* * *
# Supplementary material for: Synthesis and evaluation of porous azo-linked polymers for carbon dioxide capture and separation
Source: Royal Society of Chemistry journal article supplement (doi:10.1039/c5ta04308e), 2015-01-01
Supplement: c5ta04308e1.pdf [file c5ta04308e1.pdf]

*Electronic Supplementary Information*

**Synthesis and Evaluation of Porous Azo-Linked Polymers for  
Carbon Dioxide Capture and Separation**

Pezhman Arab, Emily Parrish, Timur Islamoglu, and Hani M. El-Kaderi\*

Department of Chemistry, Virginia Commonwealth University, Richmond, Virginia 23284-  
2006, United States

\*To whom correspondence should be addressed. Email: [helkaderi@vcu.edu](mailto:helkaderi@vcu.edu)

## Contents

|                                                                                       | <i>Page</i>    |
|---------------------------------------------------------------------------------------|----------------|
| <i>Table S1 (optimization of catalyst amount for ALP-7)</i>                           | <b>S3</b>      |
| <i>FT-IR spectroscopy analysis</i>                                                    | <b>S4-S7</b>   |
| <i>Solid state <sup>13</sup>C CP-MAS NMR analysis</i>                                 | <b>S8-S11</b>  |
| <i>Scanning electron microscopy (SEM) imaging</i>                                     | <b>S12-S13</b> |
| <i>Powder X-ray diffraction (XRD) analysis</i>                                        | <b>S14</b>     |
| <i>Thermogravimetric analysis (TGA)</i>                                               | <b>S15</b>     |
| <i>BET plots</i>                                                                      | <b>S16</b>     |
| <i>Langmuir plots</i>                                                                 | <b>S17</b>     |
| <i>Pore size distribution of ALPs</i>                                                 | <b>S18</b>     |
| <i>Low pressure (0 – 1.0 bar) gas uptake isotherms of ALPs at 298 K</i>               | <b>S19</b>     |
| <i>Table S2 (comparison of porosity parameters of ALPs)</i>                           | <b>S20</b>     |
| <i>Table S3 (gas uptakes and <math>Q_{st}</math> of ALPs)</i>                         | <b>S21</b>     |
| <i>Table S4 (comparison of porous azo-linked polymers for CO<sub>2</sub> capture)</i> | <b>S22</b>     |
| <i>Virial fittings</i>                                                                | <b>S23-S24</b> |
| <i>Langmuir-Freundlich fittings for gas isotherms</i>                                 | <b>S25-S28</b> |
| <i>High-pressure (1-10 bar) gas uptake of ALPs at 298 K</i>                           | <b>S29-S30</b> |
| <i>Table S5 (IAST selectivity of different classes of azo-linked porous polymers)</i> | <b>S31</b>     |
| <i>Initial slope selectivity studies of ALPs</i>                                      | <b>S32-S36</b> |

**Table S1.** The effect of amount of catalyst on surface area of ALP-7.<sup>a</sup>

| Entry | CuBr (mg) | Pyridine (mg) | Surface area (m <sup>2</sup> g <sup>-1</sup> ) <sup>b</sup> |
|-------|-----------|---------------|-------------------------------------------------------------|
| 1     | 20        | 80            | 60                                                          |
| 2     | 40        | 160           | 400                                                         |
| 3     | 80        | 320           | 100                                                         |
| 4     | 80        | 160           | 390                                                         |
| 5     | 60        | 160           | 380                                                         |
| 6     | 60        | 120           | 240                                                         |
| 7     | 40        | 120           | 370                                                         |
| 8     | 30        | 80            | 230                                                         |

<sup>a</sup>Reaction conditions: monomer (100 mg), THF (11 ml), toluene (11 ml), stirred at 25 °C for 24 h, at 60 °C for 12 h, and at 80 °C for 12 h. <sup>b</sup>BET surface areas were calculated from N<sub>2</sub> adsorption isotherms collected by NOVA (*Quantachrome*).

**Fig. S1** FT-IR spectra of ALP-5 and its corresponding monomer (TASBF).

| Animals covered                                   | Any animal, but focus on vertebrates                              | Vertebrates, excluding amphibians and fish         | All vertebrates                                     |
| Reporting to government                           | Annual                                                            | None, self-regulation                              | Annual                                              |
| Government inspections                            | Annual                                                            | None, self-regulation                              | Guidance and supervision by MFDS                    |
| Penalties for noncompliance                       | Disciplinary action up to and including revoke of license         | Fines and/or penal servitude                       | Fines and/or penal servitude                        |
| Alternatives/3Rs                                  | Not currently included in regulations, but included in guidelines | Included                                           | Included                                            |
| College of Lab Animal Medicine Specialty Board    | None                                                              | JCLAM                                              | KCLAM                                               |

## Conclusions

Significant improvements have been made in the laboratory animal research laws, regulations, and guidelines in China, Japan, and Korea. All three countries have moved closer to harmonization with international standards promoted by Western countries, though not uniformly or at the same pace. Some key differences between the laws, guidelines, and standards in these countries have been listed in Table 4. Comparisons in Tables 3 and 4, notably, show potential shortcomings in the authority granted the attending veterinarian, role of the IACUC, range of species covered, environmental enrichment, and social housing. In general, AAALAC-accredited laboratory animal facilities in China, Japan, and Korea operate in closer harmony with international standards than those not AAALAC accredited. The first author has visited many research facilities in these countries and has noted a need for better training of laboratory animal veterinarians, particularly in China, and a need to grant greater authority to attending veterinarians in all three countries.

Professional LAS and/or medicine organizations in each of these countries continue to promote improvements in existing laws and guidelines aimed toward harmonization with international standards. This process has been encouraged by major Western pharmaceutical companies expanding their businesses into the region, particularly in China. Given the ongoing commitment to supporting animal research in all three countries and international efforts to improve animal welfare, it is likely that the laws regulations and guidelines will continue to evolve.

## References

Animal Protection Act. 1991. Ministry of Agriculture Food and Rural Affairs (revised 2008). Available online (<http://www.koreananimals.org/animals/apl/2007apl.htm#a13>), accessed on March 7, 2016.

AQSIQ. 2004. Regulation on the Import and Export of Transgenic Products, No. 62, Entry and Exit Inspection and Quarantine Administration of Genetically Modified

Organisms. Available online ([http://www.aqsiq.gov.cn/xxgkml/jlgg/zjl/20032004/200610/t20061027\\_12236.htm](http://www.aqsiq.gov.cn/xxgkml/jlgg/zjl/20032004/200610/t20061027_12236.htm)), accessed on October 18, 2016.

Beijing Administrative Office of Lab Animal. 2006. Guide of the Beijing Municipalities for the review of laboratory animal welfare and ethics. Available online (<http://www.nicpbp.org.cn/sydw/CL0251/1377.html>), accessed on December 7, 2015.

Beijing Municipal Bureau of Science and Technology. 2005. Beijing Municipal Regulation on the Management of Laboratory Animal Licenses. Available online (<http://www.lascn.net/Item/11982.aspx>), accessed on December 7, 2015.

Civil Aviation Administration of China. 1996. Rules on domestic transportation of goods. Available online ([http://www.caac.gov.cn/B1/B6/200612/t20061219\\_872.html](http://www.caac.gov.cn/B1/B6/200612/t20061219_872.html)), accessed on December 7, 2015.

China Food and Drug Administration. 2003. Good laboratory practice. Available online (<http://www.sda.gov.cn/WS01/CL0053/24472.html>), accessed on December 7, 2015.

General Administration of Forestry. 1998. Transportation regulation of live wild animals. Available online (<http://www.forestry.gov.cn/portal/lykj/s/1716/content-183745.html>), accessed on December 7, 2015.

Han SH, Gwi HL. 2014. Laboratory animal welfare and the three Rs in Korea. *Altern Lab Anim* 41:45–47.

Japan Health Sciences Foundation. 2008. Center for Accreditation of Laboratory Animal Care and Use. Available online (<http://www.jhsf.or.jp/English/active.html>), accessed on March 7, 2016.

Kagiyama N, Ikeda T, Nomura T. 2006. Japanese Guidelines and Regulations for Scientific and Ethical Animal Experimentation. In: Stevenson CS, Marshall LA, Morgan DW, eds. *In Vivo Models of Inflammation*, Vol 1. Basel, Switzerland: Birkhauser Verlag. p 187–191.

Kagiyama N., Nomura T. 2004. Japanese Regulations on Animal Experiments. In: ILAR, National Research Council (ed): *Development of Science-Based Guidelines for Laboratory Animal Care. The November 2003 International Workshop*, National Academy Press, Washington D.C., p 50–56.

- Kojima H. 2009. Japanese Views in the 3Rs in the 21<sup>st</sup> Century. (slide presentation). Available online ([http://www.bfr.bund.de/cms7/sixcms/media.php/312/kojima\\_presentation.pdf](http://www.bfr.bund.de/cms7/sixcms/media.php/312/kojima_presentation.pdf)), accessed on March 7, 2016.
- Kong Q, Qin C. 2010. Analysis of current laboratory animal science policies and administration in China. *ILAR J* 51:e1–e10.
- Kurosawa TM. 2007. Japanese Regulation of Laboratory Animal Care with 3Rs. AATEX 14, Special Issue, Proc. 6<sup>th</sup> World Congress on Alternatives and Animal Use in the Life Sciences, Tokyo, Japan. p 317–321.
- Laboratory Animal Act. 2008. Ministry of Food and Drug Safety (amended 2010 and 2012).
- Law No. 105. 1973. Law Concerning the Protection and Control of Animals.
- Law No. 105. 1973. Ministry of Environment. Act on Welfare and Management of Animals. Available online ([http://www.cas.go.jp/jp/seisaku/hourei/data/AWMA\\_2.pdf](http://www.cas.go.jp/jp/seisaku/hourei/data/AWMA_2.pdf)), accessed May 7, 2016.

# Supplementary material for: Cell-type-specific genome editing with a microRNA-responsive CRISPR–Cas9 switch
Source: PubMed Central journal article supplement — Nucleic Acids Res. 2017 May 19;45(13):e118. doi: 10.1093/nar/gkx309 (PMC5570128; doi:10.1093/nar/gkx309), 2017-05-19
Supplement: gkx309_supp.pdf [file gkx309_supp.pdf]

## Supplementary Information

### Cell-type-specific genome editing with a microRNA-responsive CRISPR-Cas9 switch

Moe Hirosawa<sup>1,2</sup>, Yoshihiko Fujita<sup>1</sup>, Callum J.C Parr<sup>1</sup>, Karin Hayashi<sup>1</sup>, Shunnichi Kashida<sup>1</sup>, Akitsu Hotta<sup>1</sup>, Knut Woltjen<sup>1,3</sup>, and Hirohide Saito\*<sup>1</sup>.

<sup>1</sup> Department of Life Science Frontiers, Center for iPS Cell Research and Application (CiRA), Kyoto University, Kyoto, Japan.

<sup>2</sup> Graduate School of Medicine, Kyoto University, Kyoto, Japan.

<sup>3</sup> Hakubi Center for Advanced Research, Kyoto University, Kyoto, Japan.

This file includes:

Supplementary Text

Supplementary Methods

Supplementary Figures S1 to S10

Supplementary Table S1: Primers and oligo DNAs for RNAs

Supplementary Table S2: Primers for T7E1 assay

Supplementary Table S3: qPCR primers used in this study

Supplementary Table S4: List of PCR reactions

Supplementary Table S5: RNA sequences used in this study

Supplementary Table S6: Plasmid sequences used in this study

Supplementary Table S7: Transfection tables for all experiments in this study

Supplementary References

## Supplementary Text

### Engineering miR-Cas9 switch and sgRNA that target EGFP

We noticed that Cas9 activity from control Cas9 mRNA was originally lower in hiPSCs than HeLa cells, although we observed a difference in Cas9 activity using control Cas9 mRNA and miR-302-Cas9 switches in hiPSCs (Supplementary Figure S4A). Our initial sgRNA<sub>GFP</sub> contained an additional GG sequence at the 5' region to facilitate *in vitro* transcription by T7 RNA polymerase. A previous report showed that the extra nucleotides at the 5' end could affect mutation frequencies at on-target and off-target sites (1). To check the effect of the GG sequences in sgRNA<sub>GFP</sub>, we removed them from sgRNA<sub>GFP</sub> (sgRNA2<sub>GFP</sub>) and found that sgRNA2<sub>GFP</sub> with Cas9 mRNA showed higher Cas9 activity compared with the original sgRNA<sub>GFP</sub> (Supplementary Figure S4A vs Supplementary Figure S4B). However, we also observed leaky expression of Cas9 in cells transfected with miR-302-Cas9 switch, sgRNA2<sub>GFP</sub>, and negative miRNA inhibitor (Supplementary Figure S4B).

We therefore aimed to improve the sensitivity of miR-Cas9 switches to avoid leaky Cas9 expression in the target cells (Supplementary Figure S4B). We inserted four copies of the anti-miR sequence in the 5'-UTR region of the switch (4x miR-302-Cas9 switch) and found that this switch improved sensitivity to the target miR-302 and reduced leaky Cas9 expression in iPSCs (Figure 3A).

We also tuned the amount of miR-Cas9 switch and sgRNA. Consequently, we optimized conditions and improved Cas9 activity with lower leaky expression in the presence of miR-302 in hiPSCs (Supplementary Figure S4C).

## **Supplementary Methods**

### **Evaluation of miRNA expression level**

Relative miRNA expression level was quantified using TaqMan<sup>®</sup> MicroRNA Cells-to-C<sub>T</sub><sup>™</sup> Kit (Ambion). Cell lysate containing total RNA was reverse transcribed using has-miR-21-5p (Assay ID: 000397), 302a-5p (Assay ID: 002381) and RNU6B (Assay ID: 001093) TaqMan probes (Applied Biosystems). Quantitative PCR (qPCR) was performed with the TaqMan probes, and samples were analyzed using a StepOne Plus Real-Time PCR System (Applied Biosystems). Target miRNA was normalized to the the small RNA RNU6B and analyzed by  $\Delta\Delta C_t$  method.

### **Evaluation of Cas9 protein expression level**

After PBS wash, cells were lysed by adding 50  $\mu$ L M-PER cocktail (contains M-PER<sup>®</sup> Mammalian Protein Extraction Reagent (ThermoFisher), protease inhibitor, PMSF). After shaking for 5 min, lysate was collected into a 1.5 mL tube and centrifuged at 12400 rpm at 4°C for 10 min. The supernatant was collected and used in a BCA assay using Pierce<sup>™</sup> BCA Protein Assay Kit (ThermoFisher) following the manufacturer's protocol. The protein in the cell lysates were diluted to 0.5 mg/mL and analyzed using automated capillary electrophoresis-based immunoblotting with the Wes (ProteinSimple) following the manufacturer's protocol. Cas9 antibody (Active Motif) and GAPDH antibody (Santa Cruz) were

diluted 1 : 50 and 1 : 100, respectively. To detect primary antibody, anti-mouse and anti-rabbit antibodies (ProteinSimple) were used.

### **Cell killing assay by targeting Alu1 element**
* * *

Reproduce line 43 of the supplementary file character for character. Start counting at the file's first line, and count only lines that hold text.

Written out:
<sup>a</sup>Reaction conditions: monomer (100 mg), THF (11 ml), toluene (11 ml), stirred at 25 °C for 24 h, at 60 °C for 12 h, and at 80 °C for 12 h. <sup>b</sup>BET surface areas were calculated from N<sub>2</sub> adsorption isotherms collected by NOVA (*Quantachrome*).